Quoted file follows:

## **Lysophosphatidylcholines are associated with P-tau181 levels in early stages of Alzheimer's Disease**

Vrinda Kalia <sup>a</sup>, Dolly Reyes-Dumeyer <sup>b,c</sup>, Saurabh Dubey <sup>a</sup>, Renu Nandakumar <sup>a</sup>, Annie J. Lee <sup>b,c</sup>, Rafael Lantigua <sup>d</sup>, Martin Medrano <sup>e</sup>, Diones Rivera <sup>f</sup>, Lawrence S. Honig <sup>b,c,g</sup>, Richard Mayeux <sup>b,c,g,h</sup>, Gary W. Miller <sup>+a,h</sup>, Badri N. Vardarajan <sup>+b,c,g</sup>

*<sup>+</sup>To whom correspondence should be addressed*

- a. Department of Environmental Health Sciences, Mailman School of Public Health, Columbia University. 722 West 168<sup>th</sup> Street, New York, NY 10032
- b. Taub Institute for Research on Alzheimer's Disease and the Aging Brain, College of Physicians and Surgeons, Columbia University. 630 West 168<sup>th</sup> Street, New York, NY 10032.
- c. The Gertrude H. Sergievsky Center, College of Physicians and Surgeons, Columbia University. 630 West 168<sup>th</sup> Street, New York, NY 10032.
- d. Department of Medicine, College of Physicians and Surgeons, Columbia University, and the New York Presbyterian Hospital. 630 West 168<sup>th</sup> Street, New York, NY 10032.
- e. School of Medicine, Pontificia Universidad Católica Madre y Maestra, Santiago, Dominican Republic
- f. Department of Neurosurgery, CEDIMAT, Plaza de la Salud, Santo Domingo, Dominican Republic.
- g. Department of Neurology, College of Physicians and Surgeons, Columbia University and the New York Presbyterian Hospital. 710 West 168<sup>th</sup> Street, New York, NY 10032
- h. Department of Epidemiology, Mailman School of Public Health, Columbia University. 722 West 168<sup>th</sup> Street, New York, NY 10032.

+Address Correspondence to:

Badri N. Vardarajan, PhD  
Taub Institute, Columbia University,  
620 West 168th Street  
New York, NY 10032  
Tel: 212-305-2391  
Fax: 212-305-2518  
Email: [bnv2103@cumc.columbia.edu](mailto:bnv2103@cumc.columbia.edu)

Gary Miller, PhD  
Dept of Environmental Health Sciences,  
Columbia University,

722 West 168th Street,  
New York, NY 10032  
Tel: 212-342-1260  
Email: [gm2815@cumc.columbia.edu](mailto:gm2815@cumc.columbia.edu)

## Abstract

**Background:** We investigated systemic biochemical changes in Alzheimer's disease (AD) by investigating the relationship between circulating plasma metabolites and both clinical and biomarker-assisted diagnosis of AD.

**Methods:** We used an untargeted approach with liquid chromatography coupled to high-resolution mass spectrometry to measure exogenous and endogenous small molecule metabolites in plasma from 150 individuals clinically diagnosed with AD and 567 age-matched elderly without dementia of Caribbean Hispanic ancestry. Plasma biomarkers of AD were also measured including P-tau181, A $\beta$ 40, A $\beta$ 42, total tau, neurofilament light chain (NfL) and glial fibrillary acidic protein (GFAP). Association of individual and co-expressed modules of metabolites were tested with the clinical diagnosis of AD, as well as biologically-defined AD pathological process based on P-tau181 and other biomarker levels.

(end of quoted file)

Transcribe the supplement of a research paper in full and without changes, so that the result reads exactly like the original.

## **Lysophosphatidylcholines are associated with P-tau181 levels in early stages of Alzheimer's Disease**

Vrinda Kalia <sup>a</sup>, Dolly Reyes-Dumeyer <sup>b,c</sup>, Saurabh Dubey <sup>a</sup>, Renu Nandakumar <sup>a</sup>, Annie J. Lee <sup>b,c</sup>, Rafael Lantigua <sup>d</sup>, Martin Medrano <sup>e</sup>, Diones Rivera <sup>f</sup>, Lawrence S. Honig <sup>b,c,g</sup>, Richard Mayeux <sup>b,c,g,h</sup>, Gary W. Miller <sup>+a,h</sup>, Badri N. Vardarajan <sup>+b,c,g</sup>

*<sup>+</sup>To whom correspondence should be addressed*

- a. Department of Environmental Health Sciences, Mailman School of Public Health, Columbia University. 722 West 168<sup>th</sup> Street, New York, NY 10032
- b. Taub Institute for Research on Alzheimer's Disease and the Aging Brain, College of Physicians and Surgeons, Columbia University. 630 West 168<sup>th</sup> Street, New York, NY 10032.
- c. The Gertrude H. Sergievsky Center, College of Physicians and Surgeons, Columbia University. 630 West 168<sup>th</sup> Street, New York, NY 10032.
- d. Department of Medicine, College of Physicians and Surgeons, Columbia University, and the New York Presbyterian Hospital. 630 West 168<sup>th</sup> Street, New York, NY 10032.
- e. School of Medicine, Pontificia Universidad Católica Madre y Maestra, Santiago, Dominican Republic
- f. Department of Neurosurgery, CEDIMAT, Plaza de la Salud, Santo Domingo, Dominican Republic.
- g. Department of Neurology, College of Physicians and Surgeons, Columbia University and the New York Presbyterian Hospital. 710 West 168<sup>th</sup> Street, New York, NY 10032
- h. Department of Epidemiology, Mailman School of Public Health, Columbia University. 722 West 168<sup>th</sup> Street, New York, NY 10032.

+Address Correspondence to:

Badri N. Vardarajan, PhD  
Taub Institute, Columbia University,  
620 West 168th Street  
New York, NY 10032  
Tel: 212-305-2391  
Fax: 212-305-2518  
Email: [bnv2103@cumc.columbia.edu](mailto:bnv2103@cumc.columbia.edu)

Gary Miller, PhD  
Dept of Environmental Health Sciences,  
Columbia University,

722 West 168th Street,  
New York, NY 10032  
Tel: 212-342-1260  
Email: [gm2815@cumc.columbia.edu](mailto:gm2815@cumc.columbia.edu)

## Abstract

**Background:** We investigated systemic biochemical changes in Alzheimer's disease (AD) by investigating the relationship between circulating plasma metabolites and both clinical and biomarker-assisted diagnosis of AD.

**Methods:** We used an untargeted approach with liquid chromatography coupled to high-resolution mass spectrometry to measure exogenous and endogenous small molecule metabolites in plasma from 150 individuals clinically diagnosed with AD and 567 age-matched elderly without dementia of Caribbean Hispanic ancestry. Plasma biomarkers of AD were also measured including P-tau181, A $\beta$ 40, A $\beta$ 42, total tau, neurofilament light chain (NfL) and glial fibrillary acidic protein (GFAP). Association of individual and co-expressed modules of metabolites were tested with the clinical diagnosis of AD, as well as biologically-defined AD pathological process based on P-tau181 and other biomarker levels.